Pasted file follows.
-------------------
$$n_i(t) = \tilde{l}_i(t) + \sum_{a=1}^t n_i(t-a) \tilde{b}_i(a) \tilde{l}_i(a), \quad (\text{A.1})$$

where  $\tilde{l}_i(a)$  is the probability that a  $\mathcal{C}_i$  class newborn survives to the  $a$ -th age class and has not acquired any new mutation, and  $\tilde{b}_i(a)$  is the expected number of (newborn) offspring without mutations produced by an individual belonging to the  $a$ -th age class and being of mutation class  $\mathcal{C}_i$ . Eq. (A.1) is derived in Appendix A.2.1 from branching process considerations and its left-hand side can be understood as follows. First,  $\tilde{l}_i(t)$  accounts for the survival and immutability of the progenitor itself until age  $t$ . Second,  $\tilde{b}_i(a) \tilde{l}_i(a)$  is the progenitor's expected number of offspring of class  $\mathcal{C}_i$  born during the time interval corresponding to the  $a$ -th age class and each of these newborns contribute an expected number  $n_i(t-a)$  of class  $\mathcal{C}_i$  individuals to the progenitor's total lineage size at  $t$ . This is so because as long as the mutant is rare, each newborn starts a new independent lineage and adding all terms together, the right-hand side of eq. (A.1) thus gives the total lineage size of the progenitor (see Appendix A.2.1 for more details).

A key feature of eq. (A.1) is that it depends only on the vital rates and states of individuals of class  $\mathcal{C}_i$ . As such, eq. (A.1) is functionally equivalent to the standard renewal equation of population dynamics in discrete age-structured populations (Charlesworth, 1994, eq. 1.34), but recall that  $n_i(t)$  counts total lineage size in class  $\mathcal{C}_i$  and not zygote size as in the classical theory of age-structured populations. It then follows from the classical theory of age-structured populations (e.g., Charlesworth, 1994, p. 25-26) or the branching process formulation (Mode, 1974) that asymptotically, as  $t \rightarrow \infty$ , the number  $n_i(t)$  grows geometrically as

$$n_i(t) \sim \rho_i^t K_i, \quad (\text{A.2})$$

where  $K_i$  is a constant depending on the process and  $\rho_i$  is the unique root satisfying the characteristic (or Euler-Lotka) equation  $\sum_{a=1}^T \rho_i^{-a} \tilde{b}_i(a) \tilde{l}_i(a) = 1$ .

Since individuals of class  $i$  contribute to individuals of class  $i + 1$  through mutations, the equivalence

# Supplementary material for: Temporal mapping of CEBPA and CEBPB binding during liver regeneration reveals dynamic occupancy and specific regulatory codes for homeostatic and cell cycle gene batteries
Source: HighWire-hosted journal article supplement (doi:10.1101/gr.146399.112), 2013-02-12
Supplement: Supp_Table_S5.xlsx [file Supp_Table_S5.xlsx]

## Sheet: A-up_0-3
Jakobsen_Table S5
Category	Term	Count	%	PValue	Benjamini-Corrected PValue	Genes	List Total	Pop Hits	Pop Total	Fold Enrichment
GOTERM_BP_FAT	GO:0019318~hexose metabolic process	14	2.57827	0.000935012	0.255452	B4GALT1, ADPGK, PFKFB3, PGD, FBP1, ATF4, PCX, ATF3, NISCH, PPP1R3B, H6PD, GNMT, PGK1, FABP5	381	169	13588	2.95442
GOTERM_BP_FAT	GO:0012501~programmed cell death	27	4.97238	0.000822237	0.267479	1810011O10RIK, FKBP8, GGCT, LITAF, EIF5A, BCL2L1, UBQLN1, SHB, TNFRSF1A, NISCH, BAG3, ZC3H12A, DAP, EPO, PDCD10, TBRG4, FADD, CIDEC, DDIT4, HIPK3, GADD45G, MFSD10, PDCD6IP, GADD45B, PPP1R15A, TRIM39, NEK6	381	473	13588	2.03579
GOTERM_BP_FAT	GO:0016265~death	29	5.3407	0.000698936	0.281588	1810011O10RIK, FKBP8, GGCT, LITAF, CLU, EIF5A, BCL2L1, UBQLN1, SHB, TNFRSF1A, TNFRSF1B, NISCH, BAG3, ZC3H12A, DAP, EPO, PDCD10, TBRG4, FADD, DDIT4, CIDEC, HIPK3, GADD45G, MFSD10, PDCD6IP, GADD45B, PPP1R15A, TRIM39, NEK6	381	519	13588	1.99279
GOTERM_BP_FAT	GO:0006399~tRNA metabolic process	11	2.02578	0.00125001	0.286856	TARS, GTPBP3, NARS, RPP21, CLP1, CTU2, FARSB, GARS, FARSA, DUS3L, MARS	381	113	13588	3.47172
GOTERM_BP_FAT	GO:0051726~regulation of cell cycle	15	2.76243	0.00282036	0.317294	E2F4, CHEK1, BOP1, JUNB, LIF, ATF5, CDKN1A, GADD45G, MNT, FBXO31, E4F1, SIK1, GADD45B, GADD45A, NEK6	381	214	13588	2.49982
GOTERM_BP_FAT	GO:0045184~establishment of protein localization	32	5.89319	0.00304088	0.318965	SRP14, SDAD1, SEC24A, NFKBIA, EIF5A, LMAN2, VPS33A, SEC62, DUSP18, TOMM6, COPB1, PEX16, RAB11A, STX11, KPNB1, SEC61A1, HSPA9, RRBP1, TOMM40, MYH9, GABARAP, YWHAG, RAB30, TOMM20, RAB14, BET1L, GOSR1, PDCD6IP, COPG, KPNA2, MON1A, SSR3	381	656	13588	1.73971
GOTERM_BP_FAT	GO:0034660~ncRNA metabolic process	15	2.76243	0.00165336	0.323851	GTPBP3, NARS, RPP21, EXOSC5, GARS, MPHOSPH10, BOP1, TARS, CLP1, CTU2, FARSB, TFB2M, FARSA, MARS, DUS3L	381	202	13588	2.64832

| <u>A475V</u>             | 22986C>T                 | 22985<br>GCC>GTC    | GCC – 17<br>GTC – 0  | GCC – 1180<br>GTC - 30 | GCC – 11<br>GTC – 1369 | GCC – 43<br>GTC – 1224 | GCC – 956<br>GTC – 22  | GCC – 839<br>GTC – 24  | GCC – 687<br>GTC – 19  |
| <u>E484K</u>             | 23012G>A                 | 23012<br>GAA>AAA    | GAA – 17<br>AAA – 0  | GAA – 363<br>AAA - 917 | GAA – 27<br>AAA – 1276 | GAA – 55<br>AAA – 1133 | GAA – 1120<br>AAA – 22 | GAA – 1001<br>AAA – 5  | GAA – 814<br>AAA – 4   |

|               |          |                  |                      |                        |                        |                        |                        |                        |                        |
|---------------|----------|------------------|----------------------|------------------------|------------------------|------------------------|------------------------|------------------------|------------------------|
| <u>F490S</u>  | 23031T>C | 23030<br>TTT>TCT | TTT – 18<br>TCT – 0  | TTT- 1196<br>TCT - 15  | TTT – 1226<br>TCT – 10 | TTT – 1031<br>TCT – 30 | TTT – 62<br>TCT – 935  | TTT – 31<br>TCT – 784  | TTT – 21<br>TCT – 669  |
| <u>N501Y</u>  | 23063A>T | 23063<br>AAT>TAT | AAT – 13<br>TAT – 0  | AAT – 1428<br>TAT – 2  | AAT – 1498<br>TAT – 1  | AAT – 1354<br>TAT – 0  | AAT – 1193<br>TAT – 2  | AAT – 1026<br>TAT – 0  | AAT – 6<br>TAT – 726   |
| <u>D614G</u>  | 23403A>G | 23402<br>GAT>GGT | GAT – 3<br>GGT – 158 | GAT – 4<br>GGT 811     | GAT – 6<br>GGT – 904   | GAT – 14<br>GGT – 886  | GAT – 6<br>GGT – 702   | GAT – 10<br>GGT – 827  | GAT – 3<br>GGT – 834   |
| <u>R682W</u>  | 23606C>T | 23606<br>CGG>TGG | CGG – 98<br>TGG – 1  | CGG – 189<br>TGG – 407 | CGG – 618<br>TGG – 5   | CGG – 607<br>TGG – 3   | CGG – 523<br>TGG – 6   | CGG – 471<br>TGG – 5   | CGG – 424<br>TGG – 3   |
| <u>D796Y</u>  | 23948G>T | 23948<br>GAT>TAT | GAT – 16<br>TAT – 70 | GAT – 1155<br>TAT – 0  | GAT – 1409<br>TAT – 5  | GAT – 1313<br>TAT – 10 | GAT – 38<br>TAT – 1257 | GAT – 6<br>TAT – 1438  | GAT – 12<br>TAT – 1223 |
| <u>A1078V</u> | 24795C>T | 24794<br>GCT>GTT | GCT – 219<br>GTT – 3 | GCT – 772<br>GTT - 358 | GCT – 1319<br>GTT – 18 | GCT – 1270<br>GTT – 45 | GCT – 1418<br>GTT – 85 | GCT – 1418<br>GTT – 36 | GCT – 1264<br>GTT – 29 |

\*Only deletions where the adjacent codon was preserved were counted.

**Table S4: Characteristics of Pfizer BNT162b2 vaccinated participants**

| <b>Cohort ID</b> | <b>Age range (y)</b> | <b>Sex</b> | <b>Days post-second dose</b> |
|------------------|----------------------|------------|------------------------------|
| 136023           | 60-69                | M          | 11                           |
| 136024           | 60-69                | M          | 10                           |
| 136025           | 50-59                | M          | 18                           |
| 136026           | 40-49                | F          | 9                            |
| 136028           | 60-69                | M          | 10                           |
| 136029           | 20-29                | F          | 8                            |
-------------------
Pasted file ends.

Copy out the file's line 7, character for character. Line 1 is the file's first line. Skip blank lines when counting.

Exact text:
# Supplementary material for: Temporal mapping of CEBPA and CEBPB binding during liver regeneration reveals dynamic occupancy and specific regulatory codes for homeostatic and cell cycle gene batteries